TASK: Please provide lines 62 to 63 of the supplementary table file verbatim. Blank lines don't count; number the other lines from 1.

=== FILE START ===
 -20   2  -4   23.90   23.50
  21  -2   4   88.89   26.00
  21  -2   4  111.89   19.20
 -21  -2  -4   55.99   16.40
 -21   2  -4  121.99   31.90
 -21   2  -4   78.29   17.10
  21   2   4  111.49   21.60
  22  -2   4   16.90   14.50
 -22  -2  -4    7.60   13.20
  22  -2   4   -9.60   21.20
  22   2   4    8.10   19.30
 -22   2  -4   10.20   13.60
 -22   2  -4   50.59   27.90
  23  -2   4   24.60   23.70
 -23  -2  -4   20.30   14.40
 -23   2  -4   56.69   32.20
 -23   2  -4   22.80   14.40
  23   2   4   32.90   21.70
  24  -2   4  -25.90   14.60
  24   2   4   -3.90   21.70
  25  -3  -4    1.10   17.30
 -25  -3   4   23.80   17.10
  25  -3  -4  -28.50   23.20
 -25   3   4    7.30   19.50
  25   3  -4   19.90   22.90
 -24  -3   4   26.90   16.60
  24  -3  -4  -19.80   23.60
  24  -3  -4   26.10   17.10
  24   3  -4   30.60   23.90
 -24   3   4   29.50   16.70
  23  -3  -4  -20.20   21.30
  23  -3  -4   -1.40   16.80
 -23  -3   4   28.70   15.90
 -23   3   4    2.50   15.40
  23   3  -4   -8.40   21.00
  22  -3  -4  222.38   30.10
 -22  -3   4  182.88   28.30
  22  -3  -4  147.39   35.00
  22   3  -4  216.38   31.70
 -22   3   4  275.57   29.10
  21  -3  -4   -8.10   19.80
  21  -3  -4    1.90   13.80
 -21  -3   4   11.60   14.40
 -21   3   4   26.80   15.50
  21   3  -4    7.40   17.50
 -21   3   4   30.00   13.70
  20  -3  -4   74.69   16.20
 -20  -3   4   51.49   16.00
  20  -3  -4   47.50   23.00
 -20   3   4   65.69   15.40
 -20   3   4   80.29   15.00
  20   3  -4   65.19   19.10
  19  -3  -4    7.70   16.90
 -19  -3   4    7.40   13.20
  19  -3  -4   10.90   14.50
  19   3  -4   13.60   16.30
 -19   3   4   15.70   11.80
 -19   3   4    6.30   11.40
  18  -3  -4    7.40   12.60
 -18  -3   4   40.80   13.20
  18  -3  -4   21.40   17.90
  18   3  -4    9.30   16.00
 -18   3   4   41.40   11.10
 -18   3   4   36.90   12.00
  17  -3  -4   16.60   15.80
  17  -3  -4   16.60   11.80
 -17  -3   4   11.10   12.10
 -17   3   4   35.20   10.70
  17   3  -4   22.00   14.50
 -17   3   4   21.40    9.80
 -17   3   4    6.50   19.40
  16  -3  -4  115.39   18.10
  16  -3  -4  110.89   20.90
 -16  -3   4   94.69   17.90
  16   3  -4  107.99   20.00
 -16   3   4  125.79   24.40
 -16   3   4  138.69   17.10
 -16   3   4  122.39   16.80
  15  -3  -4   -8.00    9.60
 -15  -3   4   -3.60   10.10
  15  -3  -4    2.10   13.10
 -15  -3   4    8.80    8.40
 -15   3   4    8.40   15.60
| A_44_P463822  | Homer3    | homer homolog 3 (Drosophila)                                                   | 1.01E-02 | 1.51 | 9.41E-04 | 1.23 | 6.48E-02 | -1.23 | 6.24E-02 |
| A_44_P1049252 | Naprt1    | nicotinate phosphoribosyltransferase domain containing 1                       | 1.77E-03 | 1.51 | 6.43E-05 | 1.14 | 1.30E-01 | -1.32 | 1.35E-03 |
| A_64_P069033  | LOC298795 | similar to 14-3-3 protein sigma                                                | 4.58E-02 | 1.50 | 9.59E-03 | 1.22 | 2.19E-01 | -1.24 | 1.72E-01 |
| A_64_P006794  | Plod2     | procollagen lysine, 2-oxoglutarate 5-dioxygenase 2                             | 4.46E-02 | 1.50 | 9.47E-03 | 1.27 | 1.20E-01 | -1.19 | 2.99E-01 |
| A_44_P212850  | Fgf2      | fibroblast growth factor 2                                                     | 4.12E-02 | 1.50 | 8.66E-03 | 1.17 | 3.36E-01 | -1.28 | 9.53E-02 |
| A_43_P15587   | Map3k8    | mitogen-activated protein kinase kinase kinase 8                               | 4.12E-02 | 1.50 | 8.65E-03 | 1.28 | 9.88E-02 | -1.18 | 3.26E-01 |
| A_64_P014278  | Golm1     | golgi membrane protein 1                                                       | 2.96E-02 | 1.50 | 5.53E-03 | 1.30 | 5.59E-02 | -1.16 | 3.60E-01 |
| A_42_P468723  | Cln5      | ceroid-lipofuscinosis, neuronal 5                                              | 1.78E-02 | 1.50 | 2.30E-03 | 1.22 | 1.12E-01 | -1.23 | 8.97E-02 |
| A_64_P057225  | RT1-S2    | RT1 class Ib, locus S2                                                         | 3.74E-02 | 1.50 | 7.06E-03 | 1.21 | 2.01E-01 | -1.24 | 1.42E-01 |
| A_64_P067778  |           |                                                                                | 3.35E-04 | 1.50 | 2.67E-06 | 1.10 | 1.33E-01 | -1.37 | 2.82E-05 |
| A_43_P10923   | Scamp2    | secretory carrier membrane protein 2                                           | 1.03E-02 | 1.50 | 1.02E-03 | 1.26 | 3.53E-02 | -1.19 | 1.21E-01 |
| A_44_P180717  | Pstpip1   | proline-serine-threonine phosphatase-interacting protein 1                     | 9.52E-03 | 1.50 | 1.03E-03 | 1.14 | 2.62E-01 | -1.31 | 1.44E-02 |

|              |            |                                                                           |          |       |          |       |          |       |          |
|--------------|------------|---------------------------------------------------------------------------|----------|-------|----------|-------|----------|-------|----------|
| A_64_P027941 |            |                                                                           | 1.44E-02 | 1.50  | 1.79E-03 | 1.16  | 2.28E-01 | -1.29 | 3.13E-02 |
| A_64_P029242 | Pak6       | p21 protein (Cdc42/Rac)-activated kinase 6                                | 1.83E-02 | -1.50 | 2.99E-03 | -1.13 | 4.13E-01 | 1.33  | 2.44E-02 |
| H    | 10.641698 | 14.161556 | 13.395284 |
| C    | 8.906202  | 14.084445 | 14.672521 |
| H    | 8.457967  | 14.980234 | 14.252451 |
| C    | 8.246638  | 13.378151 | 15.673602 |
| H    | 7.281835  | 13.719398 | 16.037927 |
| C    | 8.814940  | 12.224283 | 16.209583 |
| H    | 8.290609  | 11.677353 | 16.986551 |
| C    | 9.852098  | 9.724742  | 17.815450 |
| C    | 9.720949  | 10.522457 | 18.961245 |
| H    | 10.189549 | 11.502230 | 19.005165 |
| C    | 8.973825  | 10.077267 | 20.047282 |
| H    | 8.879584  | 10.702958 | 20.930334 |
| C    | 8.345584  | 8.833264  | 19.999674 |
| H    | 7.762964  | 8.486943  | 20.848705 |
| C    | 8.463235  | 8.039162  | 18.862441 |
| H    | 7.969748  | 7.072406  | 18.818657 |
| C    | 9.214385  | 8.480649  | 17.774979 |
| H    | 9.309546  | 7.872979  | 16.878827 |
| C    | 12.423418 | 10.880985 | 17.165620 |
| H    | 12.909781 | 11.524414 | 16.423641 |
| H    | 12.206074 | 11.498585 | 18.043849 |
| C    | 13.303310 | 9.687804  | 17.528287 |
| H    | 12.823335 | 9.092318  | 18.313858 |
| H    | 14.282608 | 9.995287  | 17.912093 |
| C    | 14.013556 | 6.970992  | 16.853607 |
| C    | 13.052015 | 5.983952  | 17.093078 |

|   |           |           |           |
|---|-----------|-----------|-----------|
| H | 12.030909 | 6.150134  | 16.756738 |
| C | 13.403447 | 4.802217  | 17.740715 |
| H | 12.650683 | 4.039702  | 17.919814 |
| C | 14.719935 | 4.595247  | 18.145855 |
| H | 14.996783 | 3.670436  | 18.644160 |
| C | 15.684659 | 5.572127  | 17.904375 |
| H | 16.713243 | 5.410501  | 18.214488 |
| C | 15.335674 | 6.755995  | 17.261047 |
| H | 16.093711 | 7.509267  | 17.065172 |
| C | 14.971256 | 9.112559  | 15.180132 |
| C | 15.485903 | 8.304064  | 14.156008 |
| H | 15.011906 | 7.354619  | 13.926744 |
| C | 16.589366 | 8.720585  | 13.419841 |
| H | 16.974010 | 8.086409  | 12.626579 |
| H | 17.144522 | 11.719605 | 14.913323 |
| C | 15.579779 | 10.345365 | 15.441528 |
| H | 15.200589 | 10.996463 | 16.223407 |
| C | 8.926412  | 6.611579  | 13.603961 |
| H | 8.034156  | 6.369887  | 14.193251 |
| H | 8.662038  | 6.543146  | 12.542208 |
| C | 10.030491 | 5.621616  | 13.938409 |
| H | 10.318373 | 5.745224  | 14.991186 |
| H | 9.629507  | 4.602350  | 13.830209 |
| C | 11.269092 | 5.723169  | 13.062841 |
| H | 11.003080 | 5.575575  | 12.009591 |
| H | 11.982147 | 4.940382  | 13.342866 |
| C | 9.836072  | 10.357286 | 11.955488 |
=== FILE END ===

  18   3  -4    9.30   16.00
 -18   3   4   41.40   11.10